Rumors are running that he also lobbied Denmark [on OOXML], where it is well known that he is a friend of the Prime Minister.

Bill Gates’ ‘brave crusade’ for OOXML did not go unnoticed. We covered or at least mentioned the 'Mexico report' and the recent sentimental blackmail.

“Gone” is “Yes” in Polish

Poland was covered recently in [1, 2, 3, 4, 5]. Here is another update from PolishLinux, which shows how the rules got ignored, disregarded. The European Commission already investigates Poland’s TC, for a fact.

* 24 members voted to approve (7 of them without even knowing that, since no vote was counted as a vote to approve),
* 13 members voted against approving the standard (a ‘NO’ vote),
* 4 remaining members decided that Poland should abstain from voting.

Some more background and information you can find right here.

The Cost of Lock-in

Here is a good assortment of links from a knowledgeable CTO.

Clearly, the entire process has become a mockery. It is quite infuriating having to watch this and being unable to change what is so very obviously a process that is now heavily undermined and compromised by vendor interests. ISO is losing credibility as a technical and independent standards gremium.

Why should we care? Nobody forces us to use OOXML, right? One of the posters in the Slashdot discussion wonderfully summed up the situation we will be in:

OOXML will pass, MS Office will use its own, non-standard version of OOXML, governments will claim they are in compliance with laws requiring open standards, and the rest of us will be in the same boat we’ve been in for fifteen years. It’s all quite sick.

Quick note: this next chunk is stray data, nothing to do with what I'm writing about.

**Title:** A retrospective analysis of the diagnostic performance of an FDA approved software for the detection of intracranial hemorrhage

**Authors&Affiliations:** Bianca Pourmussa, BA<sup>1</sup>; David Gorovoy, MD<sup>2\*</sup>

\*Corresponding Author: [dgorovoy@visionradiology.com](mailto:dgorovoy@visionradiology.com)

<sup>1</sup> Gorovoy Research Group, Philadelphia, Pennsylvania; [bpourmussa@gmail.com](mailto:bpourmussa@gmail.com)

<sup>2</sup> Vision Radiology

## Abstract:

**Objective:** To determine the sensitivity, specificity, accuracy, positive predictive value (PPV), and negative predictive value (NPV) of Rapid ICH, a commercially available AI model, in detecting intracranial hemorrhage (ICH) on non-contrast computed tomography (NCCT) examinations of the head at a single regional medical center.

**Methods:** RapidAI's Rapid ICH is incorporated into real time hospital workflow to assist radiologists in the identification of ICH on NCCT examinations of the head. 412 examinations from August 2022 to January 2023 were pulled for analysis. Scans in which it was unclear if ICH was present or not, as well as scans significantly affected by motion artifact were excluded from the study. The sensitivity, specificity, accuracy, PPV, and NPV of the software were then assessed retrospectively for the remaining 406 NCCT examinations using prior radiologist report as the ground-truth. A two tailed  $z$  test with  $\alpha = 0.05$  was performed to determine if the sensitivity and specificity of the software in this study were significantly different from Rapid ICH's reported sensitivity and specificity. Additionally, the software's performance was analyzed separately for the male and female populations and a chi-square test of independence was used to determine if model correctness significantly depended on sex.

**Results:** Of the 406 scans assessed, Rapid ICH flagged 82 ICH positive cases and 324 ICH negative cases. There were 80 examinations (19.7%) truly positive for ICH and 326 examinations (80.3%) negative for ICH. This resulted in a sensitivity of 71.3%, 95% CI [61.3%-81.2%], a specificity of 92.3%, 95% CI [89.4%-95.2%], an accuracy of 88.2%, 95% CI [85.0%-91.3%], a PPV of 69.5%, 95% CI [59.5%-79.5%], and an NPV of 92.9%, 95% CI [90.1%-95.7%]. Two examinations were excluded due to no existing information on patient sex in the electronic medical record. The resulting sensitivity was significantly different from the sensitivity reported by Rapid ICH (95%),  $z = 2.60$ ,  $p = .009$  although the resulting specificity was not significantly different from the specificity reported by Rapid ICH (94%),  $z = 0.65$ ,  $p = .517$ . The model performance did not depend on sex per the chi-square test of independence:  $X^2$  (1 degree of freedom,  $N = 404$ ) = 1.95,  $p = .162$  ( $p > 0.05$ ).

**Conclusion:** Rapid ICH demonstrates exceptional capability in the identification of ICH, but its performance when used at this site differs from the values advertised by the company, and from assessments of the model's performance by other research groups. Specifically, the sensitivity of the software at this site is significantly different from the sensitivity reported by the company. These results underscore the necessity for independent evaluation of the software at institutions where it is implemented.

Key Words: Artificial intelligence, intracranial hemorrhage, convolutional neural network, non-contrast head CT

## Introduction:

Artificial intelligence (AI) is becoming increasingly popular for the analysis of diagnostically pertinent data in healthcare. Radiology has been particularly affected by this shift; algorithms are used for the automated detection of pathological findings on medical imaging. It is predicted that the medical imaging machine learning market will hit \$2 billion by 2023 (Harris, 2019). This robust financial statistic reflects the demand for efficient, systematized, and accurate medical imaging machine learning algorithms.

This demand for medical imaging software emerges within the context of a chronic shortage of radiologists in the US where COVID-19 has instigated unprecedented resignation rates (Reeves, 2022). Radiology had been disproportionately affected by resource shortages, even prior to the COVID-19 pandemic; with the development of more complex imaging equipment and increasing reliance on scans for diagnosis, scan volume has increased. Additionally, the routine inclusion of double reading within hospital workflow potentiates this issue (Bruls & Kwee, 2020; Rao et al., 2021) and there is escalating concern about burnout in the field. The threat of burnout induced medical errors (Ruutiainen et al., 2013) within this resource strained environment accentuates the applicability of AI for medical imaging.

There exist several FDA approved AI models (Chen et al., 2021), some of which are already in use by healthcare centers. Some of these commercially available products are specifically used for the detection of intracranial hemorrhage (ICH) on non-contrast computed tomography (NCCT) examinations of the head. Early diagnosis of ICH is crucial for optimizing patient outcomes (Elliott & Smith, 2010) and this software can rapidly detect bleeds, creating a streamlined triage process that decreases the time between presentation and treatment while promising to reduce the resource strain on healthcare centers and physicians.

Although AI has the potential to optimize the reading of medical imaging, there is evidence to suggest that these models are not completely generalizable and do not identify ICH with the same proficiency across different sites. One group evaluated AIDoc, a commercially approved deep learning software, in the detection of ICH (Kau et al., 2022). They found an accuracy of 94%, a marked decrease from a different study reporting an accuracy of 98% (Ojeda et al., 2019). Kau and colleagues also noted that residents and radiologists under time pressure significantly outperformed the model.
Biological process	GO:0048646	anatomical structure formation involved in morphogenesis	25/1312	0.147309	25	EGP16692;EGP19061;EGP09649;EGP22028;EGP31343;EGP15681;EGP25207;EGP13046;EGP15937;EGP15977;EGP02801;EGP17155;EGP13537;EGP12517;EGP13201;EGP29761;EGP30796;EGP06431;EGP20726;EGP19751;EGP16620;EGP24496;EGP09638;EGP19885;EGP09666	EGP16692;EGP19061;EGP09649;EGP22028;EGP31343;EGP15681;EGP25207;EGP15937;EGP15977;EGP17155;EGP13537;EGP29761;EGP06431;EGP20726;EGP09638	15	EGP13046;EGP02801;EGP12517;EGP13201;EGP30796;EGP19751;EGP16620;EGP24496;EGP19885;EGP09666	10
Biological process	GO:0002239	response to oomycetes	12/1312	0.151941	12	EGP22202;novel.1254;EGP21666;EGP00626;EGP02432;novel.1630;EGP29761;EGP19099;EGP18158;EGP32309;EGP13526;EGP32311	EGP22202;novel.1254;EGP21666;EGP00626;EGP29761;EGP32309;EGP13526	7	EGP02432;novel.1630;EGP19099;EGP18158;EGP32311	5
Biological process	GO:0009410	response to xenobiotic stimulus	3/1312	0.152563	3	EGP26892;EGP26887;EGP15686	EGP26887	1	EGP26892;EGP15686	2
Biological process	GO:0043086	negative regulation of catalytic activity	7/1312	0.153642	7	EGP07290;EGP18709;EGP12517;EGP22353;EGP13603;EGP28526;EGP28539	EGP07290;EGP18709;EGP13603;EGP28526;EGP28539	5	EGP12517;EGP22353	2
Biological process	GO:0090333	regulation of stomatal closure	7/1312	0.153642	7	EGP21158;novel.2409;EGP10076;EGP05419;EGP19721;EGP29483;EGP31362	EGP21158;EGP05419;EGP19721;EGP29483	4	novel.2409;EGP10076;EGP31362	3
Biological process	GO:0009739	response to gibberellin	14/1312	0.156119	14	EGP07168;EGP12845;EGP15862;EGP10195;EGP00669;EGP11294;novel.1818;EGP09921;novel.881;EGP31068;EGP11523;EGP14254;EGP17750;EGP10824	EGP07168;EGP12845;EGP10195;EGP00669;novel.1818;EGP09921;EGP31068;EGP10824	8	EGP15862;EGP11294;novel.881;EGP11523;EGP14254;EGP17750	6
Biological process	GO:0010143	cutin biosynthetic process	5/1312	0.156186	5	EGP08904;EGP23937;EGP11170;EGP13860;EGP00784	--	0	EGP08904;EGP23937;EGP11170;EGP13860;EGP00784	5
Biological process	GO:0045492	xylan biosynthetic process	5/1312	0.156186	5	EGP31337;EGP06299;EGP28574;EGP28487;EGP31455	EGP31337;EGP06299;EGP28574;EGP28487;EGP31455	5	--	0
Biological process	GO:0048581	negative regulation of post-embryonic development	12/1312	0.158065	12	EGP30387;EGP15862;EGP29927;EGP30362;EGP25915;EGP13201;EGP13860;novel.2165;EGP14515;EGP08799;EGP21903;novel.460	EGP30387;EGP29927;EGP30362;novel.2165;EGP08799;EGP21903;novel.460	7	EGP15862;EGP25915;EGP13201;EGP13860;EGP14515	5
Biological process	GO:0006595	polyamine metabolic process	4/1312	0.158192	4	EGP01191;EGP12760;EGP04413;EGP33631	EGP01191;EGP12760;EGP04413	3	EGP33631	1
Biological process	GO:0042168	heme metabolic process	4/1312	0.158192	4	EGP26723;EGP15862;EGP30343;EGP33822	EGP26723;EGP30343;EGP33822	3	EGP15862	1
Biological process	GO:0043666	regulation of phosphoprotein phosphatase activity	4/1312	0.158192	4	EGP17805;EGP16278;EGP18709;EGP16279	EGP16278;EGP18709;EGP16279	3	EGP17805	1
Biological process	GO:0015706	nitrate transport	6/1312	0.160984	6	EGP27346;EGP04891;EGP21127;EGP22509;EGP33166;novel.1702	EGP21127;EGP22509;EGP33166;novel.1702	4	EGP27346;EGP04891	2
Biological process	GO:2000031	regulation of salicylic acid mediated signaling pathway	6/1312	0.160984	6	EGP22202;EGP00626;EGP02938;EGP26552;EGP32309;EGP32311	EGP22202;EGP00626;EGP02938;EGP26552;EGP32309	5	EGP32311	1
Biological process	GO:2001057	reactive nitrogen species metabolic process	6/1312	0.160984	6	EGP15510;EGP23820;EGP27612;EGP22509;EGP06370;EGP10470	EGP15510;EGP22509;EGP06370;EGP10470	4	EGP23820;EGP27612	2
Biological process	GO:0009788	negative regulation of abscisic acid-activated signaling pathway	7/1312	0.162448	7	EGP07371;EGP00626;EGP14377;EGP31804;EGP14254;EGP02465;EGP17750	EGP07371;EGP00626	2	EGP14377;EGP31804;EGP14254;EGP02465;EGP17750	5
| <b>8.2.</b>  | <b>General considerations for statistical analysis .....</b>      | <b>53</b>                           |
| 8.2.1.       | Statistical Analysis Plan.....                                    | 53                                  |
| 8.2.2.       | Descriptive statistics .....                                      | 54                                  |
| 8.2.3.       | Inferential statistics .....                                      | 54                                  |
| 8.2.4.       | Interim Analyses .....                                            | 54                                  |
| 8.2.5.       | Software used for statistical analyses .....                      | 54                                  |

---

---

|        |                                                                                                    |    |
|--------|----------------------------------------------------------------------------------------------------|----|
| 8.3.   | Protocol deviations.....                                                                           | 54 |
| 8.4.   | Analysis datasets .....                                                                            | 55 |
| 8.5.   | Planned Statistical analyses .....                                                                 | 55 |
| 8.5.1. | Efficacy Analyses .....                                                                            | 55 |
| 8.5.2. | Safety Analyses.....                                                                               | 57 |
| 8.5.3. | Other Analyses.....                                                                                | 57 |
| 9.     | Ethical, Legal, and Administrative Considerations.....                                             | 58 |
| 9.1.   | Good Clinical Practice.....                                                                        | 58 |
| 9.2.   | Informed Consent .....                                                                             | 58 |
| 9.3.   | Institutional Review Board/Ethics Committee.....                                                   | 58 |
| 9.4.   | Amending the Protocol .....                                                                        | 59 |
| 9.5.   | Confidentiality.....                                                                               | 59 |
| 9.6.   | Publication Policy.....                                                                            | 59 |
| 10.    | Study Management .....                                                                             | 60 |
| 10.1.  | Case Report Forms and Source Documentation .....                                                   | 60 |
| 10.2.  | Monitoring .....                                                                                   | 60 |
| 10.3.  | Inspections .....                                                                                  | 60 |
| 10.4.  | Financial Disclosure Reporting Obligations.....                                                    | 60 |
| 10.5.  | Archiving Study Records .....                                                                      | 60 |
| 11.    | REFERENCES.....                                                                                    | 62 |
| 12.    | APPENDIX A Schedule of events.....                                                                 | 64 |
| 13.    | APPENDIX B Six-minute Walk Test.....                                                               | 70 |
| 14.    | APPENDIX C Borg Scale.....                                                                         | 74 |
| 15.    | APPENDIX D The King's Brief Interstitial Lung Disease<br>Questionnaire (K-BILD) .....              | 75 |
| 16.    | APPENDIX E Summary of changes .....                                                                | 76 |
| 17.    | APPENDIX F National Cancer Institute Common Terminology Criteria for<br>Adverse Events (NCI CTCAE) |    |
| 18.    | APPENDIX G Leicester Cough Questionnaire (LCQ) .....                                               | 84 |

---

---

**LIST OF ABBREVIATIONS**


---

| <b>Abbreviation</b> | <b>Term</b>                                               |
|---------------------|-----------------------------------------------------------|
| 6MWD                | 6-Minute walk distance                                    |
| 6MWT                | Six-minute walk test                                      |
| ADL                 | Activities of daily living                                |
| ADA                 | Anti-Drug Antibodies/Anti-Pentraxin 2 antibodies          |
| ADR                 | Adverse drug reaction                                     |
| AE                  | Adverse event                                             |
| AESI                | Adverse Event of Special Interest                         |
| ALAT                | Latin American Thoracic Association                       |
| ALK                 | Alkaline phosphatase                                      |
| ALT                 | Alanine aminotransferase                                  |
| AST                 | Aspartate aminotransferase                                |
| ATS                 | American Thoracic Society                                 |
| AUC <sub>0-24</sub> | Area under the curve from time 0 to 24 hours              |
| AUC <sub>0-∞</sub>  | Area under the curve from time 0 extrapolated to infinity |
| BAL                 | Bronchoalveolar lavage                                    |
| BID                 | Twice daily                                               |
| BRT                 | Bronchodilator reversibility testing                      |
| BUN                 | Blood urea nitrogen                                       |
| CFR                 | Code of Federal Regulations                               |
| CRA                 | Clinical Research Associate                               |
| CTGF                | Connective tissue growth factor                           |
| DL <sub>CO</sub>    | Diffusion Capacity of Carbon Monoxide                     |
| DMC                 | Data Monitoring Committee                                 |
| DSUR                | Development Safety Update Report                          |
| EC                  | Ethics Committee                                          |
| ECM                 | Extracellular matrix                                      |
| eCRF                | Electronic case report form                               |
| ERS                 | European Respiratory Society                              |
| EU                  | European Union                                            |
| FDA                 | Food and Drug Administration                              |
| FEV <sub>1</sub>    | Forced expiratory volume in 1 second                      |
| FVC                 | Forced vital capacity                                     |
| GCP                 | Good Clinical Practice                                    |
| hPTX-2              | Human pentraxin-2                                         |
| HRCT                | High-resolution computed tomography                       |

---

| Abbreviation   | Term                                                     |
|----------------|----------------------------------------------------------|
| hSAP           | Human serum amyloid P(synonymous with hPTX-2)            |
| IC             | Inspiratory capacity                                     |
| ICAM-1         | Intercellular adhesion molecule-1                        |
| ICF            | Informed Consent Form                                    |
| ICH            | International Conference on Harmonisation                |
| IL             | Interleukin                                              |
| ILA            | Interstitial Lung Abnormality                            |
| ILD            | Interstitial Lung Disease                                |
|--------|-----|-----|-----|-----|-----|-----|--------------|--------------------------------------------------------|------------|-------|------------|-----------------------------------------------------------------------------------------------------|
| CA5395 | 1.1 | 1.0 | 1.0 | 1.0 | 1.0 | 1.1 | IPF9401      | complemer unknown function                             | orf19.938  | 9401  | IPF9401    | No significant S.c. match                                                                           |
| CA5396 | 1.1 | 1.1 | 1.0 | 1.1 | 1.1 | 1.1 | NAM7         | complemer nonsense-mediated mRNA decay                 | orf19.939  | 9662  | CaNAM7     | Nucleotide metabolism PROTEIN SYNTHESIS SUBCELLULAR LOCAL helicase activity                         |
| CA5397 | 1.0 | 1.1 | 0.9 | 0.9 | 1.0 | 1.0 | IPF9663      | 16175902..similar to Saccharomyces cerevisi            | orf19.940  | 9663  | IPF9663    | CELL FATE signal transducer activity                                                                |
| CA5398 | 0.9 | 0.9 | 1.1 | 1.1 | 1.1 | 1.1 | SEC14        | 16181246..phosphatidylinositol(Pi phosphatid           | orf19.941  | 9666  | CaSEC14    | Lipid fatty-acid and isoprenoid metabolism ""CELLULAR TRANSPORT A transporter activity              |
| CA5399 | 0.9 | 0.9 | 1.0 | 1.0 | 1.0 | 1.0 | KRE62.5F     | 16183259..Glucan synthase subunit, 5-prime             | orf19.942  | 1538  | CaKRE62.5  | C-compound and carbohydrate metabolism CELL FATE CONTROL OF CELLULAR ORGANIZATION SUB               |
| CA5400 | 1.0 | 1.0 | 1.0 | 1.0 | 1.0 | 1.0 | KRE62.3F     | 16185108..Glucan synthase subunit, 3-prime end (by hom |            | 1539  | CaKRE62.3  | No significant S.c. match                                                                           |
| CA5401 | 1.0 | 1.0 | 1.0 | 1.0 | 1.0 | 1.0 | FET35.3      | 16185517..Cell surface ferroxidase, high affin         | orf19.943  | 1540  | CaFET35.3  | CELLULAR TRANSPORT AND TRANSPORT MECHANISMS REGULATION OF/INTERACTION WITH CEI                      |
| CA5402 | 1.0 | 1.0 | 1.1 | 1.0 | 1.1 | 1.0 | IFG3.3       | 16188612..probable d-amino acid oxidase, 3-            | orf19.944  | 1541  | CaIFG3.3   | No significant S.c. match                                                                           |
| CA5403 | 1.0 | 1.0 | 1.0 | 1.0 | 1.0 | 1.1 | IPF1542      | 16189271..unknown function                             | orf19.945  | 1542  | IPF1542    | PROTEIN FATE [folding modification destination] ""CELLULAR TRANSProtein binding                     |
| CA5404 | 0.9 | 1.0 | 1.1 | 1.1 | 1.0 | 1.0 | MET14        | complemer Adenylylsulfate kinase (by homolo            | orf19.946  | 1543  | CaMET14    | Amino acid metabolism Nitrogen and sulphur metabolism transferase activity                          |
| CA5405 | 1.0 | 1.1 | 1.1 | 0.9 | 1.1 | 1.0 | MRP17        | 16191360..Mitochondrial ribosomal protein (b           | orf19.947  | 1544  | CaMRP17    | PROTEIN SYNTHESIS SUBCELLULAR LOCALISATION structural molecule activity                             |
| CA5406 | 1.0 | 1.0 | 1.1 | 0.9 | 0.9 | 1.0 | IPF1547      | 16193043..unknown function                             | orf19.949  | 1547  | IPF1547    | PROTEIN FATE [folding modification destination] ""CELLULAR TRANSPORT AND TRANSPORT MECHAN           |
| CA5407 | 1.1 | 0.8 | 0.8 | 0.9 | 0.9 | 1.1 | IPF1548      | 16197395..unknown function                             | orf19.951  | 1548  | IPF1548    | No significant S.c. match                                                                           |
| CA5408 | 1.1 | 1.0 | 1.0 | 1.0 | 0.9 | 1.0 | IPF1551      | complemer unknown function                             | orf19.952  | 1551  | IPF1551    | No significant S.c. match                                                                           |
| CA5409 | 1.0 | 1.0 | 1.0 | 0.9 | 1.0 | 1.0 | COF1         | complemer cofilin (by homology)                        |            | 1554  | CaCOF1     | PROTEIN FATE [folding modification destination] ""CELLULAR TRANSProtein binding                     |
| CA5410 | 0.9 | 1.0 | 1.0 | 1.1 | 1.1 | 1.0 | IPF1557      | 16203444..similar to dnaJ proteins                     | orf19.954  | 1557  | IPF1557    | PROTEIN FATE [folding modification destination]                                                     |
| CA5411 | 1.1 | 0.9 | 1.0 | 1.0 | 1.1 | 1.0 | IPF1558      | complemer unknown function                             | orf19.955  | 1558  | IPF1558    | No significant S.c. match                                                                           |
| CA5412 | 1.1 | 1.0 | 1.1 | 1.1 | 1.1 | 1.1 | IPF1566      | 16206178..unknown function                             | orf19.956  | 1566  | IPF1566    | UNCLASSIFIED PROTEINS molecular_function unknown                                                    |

Yes, I reckon that’s exactly what’s going to happen, and that – of course – is exactly what Microsoft wants. Sigh…

The post above comes from a blogger who recently wrote a good piece that explains the “anti-Microsoft” label. And again, just to clarify, I don’t hate Microsoft. I hate corruption (who doesn’t?), which Microsoft appears to resort to every day, almost as though it’s a bodily function. Microsoft is very quick and skilled at comparing opposition to corruption to something else, calling critics of corruption “Microsoft bashers” or “anti-Microsoft.” They even tried this against Andy Updegrove (believe it or not!).

As you will find if you search the Web, I happen to slam corruption of all sorts and all kinds of companies get accused. But Microsoft is truly a treasure trove, for its history elucidated the fact that had grown, thrived, and sustained itself in great levels of corruption, sheltered only by media outlets which it owns (sometimes literally) and government 'insiders' that turn a blind eye. Crime can go unpunished when information channels suppress truths or mitigate representation of major incidents. And that’s not even accounting for what happens with Rupert Murdoch in charge…

Also see (in relation to mislabeling of critics as means of distraction):

“It’s a Simple Matter of [Microsoft’s] Commercial Interests!”

–Microsoft’s Doug Mahugh about OOXML in Malaysia